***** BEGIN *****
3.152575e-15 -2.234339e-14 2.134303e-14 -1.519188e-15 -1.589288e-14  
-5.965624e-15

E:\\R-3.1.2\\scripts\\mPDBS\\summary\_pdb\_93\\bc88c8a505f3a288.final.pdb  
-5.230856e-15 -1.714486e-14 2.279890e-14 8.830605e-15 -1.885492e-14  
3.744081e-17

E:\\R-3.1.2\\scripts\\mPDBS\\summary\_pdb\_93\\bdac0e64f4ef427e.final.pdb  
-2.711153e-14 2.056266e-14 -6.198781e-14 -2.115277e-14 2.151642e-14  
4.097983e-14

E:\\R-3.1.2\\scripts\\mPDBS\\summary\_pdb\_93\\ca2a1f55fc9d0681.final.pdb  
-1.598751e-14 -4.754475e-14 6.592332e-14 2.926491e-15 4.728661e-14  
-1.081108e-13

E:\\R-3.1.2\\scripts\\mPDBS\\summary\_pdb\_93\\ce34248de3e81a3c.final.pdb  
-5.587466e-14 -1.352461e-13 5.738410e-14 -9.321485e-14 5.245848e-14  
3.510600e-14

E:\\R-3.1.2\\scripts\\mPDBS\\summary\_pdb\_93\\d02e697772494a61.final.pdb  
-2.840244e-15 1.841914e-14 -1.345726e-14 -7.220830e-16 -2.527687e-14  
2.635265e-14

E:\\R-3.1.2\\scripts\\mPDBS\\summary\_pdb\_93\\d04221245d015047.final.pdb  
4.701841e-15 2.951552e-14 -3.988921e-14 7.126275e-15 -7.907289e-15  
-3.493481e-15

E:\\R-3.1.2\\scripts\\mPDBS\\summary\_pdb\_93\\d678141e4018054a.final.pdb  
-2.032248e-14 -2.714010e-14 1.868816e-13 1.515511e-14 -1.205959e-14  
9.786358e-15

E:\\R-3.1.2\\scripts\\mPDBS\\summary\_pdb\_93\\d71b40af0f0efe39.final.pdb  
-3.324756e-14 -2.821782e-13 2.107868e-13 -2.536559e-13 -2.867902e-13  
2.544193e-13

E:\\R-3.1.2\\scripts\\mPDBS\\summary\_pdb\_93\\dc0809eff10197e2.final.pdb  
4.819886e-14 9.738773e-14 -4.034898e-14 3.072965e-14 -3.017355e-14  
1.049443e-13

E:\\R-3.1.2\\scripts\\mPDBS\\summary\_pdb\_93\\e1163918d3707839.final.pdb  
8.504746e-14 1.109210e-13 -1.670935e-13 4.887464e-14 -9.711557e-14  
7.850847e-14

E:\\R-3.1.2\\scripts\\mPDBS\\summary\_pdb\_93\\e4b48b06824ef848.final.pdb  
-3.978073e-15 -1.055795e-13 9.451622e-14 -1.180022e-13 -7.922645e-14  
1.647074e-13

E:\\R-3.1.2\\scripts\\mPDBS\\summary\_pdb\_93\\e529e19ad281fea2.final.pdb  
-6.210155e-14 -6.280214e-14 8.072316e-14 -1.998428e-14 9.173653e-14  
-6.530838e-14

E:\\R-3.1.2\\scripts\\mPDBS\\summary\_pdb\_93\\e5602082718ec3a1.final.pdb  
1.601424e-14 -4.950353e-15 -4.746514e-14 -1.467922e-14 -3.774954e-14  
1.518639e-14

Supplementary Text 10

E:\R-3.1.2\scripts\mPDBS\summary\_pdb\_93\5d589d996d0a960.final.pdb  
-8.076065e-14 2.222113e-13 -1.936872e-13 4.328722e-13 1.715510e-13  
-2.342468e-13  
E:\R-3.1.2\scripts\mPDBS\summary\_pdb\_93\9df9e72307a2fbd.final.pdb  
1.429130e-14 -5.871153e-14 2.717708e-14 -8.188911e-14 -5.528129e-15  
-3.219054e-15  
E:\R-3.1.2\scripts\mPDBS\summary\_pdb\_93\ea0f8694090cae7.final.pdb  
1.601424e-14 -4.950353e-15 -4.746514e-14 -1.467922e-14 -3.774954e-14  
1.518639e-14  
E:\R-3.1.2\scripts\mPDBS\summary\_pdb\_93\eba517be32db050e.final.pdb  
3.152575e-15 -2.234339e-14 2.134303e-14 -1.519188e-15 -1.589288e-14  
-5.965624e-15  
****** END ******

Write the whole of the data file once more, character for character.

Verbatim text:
3.152575e-15 -2.234339e-14 2.134303e-14 -1.519188e-15 -1.589288e-14  
-5.965624e-15

E:\\R-3.1.2\\scripts\\mPDBS\\summary\_pdb\_93\\bc88c8a505f3a288.final.pdb  
-5.230856e-15 -1.714486e-14 2.279890e-14 8.830605e-15 -1.885492e-14  
3.744081e-17

E:\\R-3.1.2\\scripts\\mPDBS\\summary\_pdb\_93\\bdac0e64f4ef427e.final.pdb  
-2.711153e-14 2.056266e-14 -6.198781e-14 -2.115277e-14 2.151642e-14  
4.097983e-14

E:\\R-3.1.2\\scripts\\mPDBS\\summary\_pdb\_93\\ca2a1f55fc9d0681.final.pdb  
-1.598751e-14 -4.754475e-14 6.592332e-14 2.926491e-15 4.728661e-14  
-1.081108e-13

E:\\R-3.1.2\\scripts\\mPDBS\\summary\_pdb\_93\\ce34248de3e81a3c.final.pdb  
-5.587466e-14 -1.352461e-13 5.738410e-14 -9.321485e-14 5.245848e-14  
3.510600e-14

E:\\R-3.1.2\\scripts\\mPDBS\\summary\_pdb\_93\\d02e697772494a61.final.pdb  
-2.840244e-15 1.841914e-14 -1.345726e-14 -7.220830e-16 -2.527687e-14  
2.635265e-14

E:\\R-3.1.2\\scripts\\mPDBS\\summary\_pdb\_93\\d04221245d015047.final.pdb  
4.701841e-15 2.951552e-14 -3.988921e-14 7.126275e-15 -7.907289e-15  
-3.493481e-15

E:\\R-3.1.2\\scripts\\mPDBS\\summary\_pdb\_93\\d678141e4018054a.final.pdb  
-2.032248e-14 -2.714010e-14 1.868816e-13 1.515511e-14 -1.205959e-14  
9.786358e-15

E:\\R-3.1.2\\scripts\\mPDBS\\summary\_pdb\_93\\d71b40af0f0efe39.final.pdb  
-3.324756e-14 -2.821782e-13 2.107868e-13 -2.536559e-13 -2.867902e-13  
2.544193e-13

E:\\R-3.1.2\\scripts\\mPDBS\\summary\_pdb\_93\\dc0809eff10197e2.final.pdb  
4.819886e-14 9.738773e-14 -4.034898e-14 3.072965e-14 -3.017355e-14  
1.049443e-13

E:\\R-3.1.2\\scripts\\mPDBS\\summary\_pdb\_93\\e1163918d3707839.final.pdb  
8.504746e-14 1.109210e-13 -1.670935e-13 4.887464e-14 -9.711557e-14  
7.850847e-14

E:\\R-3.1.2\\scripts\\mPDBS\\summary\_pdb\_93\\e4b48b06824ef848.final.pdb  
-3.978073e-15 -1.055795e-13 9.451622e-14 -1.180022e-13 -7.922645e-14  
1.647074e-13

E:\\R-3.1.2\\scripts\\mPDBS\\summary\_pdb\_93\\e529e19ad281fea2.final.pdb  
-6.210155e-14 -6.280214e-14 8.072316e-14 -1.998428e-14 9.173653e-14  
-6.530838e-14

E:\\R-3.1.2\\scripts\\mPDBS\\summary\_pdb\_93\\e5602082718ec3a1.final.pdb  
1.601424e-14 -4.950353e-15 -4.746514e-14 -1.467922e-14 -3.774954e-14  
1.518639e-14

Supplementary Text 10

E:\R-3.1.2\scripts\mPDBS\summary\_pdb\_93\5d589d996d0a960.final.pdb  
-8.076065e-14 2.222113e-13 -1.936872e-13 4.328722e-13 1.715510e-13  
-2.342468e-13  
E:\R-3.1.2\scripts\mPDBS\summary\_pdb\_93\9df9e72307a2fbd.final.pdb  
1.429130e-14 -5.871153e-14 2.717708e-14 -8.188911e-14 -5.528129e-15  
-3.219054e-15  
E:\R-3.1.2\scripts\mPDBS\summary\_pdb\_93\ea0f8694090cae7.final.pdb  
1.601424e-14 -4.950353e-15 -4.746514e-14 -1.467922e-14 -3.774954e-14  
1.518639e-14  
E:\R-3.1.2\scripts\mPDBS\summary\_pdb\_93\eba517be32db050e.final.pdb  
3.152575e-15 -2.234339e-14 2.134303e-14 -1.519188e-15 -1.589288e-14  
-5.965624e-15  